The signing into law last year of permanent normal trade relations with Russia is one of the successful diplomatic accomplishments of President Barack Obama’s first term.
A normal trade relationship between the United States and Russia will bring business opportunities for American companies and transparency to Russian partners. It is a win-win for both nations.
However, one former Soviet bloc country is singled out by a doctrine of U.S. foreign policy that is almost 21 years out of date and does not reflect the deep bilateral partnership between the United States and Azerbaijan.
During the breakup of the former Soviet Union in 1992, Congress, reacting to domestic political constituencies, passed Section 907 of the Freedom Support Act limiting direct U.S. aid to Azerbaijan. Responding to 9/11 and Azerbaijan’s willing partnership in intelligence sharing, the granting of rights to overflights and providing logistical and strategic support, Congress in 2001 gave the president the ability to waive Section 907. Presidents George W. Bush and Obama have wisely used this to build an even stronger alliance between our two countries by invoking it on an annual basis.
While some may argue that the waiver authority negates the need to repeal Section 907, the recent passage of PNTR for Russia raises the point of incompatibility. How is it that we have normal trade relations with Russia, while Azerbaijan is subject to restrictions that have to be reviewed annually?
Since 1992 Azerbaijan has proved itself a partner to the U.S. and a stalwart in the region. In a tough neighborhood where the Iranian regime openly violates U.N. sanctions, Azerbaijan has assisted the United States in the International Security Assistance Force for Afghanistan and remains a key strategic and logistical hub supporting U.S. missions in the region. As a moderate Islamic nation, Azerbaijan has been a leading force in stability and economic security in the Caucasus region while facing an economic blockade by its western neighbor.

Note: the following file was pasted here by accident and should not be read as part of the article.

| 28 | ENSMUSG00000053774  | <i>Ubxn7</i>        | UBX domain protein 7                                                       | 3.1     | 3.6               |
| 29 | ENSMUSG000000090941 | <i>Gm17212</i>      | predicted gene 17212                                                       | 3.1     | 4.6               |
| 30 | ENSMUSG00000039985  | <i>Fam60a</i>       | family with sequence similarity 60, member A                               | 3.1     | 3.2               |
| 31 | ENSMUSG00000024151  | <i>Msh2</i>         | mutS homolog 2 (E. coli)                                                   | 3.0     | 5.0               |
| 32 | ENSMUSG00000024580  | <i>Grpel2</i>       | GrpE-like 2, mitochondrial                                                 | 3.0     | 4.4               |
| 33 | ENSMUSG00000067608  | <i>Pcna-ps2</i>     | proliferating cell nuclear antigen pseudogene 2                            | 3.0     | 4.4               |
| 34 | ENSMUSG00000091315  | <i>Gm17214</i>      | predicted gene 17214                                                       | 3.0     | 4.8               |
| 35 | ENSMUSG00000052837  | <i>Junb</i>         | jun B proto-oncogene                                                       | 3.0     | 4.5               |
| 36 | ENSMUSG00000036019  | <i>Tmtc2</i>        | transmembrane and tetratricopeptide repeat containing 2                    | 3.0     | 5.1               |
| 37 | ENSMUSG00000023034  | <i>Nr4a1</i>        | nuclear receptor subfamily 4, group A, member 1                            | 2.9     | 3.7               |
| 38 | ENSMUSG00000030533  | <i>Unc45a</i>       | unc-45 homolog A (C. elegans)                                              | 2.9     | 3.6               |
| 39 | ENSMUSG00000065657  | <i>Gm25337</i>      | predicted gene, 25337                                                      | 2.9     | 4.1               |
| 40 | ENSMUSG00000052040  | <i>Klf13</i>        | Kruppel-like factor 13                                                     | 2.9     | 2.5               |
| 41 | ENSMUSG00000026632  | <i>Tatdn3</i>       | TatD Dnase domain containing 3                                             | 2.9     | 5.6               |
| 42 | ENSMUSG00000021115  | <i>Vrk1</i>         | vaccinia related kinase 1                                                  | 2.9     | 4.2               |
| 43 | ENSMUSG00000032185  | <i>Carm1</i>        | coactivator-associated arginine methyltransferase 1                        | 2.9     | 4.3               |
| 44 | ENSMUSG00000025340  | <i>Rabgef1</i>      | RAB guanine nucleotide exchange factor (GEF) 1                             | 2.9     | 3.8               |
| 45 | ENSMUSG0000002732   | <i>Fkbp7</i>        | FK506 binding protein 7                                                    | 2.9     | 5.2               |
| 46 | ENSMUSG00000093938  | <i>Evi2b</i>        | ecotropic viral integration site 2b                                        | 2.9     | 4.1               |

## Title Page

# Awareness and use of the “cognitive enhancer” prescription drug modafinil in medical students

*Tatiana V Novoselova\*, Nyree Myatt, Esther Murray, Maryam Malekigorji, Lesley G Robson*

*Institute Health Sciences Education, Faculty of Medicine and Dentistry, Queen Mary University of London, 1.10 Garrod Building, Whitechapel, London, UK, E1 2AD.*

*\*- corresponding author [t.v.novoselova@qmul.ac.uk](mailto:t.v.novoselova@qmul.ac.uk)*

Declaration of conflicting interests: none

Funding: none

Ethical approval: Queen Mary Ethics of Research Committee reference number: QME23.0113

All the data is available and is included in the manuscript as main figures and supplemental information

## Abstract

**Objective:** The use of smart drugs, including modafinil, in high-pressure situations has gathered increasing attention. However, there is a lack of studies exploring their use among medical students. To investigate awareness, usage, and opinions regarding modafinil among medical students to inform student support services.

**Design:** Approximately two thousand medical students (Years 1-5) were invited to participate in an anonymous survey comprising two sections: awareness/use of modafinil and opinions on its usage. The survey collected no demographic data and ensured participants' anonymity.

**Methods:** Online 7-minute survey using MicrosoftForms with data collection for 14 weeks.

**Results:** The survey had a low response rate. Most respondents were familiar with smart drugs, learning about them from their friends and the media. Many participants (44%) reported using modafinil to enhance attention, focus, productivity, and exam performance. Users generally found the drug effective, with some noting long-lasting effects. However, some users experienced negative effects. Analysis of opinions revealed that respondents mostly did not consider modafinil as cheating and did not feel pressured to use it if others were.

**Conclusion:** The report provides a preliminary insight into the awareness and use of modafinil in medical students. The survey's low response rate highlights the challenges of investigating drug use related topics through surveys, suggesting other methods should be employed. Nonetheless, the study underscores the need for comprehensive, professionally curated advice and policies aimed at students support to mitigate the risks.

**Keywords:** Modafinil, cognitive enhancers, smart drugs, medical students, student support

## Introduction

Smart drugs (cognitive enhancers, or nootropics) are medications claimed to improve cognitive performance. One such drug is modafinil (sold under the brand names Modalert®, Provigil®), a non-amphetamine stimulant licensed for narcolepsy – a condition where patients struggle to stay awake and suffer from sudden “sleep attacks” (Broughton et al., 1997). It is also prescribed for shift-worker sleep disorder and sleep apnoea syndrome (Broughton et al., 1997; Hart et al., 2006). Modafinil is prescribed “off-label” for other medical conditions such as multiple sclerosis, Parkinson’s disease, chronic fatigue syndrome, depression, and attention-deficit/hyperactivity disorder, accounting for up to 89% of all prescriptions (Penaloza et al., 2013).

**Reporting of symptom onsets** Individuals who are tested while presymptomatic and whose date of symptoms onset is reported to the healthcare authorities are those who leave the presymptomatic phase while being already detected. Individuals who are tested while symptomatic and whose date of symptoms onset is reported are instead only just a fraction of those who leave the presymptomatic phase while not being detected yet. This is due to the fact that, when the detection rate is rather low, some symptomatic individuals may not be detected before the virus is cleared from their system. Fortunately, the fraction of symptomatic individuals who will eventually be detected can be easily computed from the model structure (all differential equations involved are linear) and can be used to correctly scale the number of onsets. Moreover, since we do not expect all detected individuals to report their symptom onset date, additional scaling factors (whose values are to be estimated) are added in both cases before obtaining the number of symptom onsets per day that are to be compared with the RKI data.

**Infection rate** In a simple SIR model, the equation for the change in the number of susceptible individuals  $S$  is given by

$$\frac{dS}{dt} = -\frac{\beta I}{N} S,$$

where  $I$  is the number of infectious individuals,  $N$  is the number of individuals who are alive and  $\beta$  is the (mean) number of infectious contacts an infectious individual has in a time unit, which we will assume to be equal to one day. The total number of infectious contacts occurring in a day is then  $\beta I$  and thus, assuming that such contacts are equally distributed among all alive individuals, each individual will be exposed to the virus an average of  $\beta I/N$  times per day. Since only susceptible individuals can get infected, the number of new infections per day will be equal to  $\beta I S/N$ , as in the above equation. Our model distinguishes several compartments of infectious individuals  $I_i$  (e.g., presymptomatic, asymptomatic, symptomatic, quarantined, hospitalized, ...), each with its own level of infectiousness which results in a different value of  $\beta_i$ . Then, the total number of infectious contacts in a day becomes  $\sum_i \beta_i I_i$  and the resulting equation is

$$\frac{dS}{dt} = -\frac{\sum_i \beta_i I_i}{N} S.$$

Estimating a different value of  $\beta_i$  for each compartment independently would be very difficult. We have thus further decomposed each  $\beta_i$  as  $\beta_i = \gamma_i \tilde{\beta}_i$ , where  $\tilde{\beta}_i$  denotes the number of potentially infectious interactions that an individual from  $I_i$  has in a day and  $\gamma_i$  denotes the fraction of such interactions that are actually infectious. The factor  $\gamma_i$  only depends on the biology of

During my service as a member of Congress on the House Foreign Relations Committee and a member of the Azerbaijan Caucus, I consistently advocated for the repeal of Section 907 to allow greater flexibility to engage in a deeper level of diplomatic relations with the Azeri people. From advancing energy projects to promoting democracy in the Muslim world, from advocating equal rights of women to preventing Iran from gaining a nuclear weapon, there are many cultural, economic, political and strategic ways that the United States and Azerbaijan can build a deeper partnership. Repealing Section 907 will allow those synergies to thrive.
Basing U.S. foreign policy on events in 1992 is as crazy as waiting for “Cheers,” “Murphy Brown” or “Murder She Wrote” — all big television shows in 1992 — to return to prime time. It is time to change our U.S. policy and give the president the flexibility he needs to promote a stronger U.S. bilateral relationship with Azerbaijan. It’s time to repeal Section 907 of the Freedom Support Act and send a message of respect and friendship to the people of Azerbaijan.
Former Rep. Michael E. McMahon, D-N.Y., is currently a partner in the government relations practice of the New York law firm Herrick Feinstein LLP.
From left, Lisa Peng, daughter of Peng Ming, Grace Ge Geng, daughter of Gao Zhisheng, and Ti-Anna Wang, daughter of Wang Bingzhang, hold pictures of their imprisoned fathers during a House Subcommittee on Africa, Global Health, Global Human Rights, and International Organizations hearing in the Rayburn House Office Building titled “Their Daughters Appeal to Beijing: ‘Let Our Fathers Go!’”
Each year since 1990, CQ Roll Call has reviewed the financial disclosures of all 541 senators, representatives and delegates to determine the 50 richest members of Congress. This year's report, derived from forms covering the calendar year 2012, shows it took a net worth of $6.67 million to crack the exclusive club.